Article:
Of course I do, but so as not to seem impolite, my partner Alison and I make small talk with the bearded, bespectacled nudist descending full frontal to the perch on his deck. It’s not like spotting him was a complete surprise. He was among the exotic wildlife we’d hoped to see on this paddle down the Sante Fe River in central Florida, not far from Gainesville. He’s even listed as an attraction on the map of the river supplied by the unkempt guide who rented us the canoe. Still, the face-to… um… face meeting is disconcerting to all four of us, my 11-year-old son included. We ask Ed how long he’s been greeting visitors to Lily Springs, this clear pool a short paddle off the main river.
“Thirty-six years,” he answers. Alison observes how peaceful it is here. I develop a theory about why as I busy my eyes with the hand-painted signs tacked to the trees along the banks, one of which seems to explain Ed’s naturalist tendencies. “I can’t afford to go see the world, so I let the world come to see me.” My daughter rolls her averted eyes. She’s seen quite enough of Naked Ed. We let the crystal current from Lily Springs carry us back to the Santa Fe.
From beneath Florida’s flat landscape, eight billion gallons of water bubble from the state’s aquifers every day, the limestone substrate shot through with holes enough to give Florida one of the highest concentrations of springs in the world. The Wakulla Spring in Edward Ball Wakulla State Park near Tallahassee is a favourite among divers and paddlers. Wakulla is a giant rivalled only by Manatee and Silver springs, but these are just three of over 600 in central and northern Florida. Named for the gentle manatees or sea cows that winter in the relatively warmer waters there, Manatee Park is off limits to paddlers and even swimmers from December to March, although both are permitted in the Suwannee, that river of Florida’s famous state song, which is fed by a huge 75 foot wide spring.
Just on our short paddle we pass four of Santa Fe’s springs. One of them, Blue Springs, is privately owned. There are dozens of others, many preserved inside state parks. We drift in the shade of stately live oaks laden with Spanish moss in search of alligators – we’ve yet to see one on our March Break escape to Florida. But we soon realize that turtles and birds far outnumber alligators. Lined up on logs by the dozen as if stuck in a slow motion traffic jam, the turtles are easy to spot. By the time we arrive at our destination at Ginnie Springs a couple hours later, my son and I have counted 330 turtles, a couple dozen herons and some kites and ducks… but not a single alligator.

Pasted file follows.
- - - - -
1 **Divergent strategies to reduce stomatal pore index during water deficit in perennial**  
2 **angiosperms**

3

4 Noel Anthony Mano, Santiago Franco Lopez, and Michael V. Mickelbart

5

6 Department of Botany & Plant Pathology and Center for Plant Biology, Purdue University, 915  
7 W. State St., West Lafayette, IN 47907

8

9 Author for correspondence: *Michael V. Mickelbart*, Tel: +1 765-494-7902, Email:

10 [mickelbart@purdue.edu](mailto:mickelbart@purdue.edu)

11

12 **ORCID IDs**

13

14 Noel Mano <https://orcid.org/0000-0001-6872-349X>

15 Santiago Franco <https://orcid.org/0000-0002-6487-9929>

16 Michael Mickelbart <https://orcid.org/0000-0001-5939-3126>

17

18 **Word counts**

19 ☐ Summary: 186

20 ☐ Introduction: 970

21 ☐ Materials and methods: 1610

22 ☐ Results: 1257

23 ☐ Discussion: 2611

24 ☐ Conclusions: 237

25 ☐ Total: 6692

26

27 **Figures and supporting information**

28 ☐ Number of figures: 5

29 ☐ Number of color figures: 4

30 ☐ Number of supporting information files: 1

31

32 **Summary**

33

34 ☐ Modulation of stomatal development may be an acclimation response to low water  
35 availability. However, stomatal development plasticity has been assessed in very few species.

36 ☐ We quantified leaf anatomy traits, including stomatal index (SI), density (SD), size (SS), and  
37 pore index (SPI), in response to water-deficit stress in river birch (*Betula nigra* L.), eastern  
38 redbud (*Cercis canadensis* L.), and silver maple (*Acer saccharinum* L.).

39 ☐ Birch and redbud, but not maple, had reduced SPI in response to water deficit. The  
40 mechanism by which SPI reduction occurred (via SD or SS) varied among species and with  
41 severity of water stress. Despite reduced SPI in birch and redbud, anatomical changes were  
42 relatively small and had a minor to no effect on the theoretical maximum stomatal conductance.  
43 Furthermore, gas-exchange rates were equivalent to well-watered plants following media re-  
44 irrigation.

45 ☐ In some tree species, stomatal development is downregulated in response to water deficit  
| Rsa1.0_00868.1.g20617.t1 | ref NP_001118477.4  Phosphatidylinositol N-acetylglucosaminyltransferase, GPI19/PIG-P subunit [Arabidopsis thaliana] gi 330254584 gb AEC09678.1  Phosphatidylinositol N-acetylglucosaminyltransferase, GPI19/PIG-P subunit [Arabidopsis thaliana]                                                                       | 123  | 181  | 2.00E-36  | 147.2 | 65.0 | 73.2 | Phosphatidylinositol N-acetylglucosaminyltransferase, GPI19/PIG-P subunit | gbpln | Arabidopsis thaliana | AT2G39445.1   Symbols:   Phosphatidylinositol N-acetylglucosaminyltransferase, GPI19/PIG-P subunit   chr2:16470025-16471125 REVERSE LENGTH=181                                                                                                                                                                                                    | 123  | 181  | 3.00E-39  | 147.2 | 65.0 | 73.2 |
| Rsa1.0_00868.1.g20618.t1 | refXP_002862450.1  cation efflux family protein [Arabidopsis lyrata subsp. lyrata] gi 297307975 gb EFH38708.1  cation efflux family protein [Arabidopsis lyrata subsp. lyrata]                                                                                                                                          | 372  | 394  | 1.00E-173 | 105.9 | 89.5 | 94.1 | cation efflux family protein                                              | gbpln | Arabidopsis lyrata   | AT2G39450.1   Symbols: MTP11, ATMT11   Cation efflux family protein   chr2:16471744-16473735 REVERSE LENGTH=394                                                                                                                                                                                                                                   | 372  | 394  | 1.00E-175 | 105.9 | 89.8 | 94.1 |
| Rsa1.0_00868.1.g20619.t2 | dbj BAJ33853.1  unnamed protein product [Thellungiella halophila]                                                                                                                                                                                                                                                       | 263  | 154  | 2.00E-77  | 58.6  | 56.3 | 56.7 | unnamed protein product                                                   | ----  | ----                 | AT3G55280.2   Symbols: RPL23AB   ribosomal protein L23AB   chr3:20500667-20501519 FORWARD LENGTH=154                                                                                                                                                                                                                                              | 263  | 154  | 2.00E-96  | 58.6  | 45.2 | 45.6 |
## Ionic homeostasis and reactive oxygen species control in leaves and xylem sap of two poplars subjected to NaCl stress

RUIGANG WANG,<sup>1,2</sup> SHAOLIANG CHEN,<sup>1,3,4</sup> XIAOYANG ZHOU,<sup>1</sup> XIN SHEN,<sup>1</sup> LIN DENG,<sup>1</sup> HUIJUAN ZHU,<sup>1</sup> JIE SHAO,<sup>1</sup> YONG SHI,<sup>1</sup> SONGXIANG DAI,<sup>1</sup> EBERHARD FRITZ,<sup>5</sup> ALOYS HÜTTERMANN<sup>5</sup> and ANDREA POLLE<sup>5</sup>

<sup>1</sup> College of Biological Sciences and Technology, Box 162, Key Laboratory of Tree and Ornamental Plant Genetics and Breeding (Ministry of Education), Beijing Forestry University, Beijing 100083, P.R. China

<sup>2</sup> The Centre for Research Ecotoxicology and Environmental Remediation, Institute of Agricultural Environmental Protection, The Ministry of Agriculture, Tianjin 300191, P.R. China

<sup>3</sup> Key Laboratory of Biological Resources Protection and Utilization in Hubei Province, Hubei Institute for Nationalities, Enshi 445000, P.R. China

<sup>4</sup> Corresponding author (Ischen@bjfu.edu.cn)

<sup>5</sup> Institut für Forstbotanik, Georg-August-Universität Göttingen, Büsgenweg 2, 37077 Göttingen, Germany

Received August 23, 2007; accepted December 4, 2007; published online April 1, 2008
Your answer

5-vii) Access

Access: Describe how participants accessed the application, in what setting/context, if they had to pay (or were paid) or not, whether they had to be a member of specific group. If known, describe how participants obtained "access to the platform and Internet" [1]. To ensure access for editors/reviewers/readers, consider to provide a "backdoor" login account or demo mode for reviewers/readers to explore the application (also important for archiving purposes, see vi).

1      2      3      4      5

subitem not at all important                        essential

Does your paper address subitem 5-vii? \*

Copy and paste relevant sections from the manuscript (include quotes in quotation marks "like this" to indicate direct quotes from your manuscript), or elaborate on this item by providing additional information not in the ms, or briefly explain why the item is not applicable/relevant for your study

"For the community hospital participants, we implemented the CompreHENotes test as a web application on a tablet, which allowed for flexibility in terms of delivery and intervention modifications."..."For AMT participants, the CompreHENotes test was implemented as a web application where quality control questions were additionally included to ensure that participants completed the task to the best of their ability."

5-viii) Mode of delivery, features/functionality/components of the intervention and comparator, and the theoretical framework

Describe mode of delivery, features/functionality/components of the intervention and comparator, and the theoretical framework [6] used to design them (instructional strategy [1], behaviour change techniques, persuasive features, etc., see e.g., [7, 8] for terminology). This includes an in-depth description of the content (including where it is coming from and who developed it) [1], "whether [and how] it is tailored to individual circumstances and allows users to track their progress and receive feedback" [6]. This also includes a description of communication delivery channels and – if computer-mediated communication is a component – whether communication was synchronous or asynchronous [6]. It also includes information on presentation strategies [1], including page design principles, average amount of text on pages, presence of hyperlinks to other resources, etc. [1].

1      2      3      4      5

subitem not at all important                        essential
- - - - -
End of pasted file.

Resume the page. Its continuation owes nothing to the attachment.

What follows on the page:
Families picnic on the riverbank next to Ginnie Springs where they’ve come to cool off in the 30 million gallons of water that gush up into the Santa Fe every day. A dependable 68 to 72 degrees, Florida’s springs are always perfect for a cooling dip. A set of steps leads to the water where a dozen people splash about. Most swimmers here can’t resist hovering over the limestone shelf visible beneath the clear waters. The lure of the dark mystery beneath – the entrance to dozens of other springs – has earned Ginnie Springs the reputation as one of the world’s best freshwater dives.
I can’t resist. Donning my mask and snorkel – a sight that draws guffaws from my family who are too intimidated to join me – I jump in and swim with small fish at the opening of the aquifer. But I dare not get too close – looking down the throat of a black, underwater cave undoes my courage. Anyway, it’s just about time for our guide to pick us up and return us and our rented canoe back to our car, so I take a last look around and swim to the surface.
From the canoe rental shack back in High Springs, we thank our kindly guide and head into town for some lunch. The kids lick ice creams while I survey the drink menu – an ice cold beer, that’s the thing… “Look at this!” I nearly shout, pointing to the only micro brewed beer on the list, one made exclusively for this restaurant, and in particular to the label featuring a bearded bespectacled nudist. We laugh together – my daughter rolling her averted eyes yet again – and I order a Naked Ed Pale Ale.
All photos by Darcy Rhyno
Family canoe trip in search of exotic wildlife on the Santa Fe River, Florida.
Turtle traffic jam on the Santa Fe River, Florida.
Spanish moss-laden live oak on the Santa Fe River, Florida.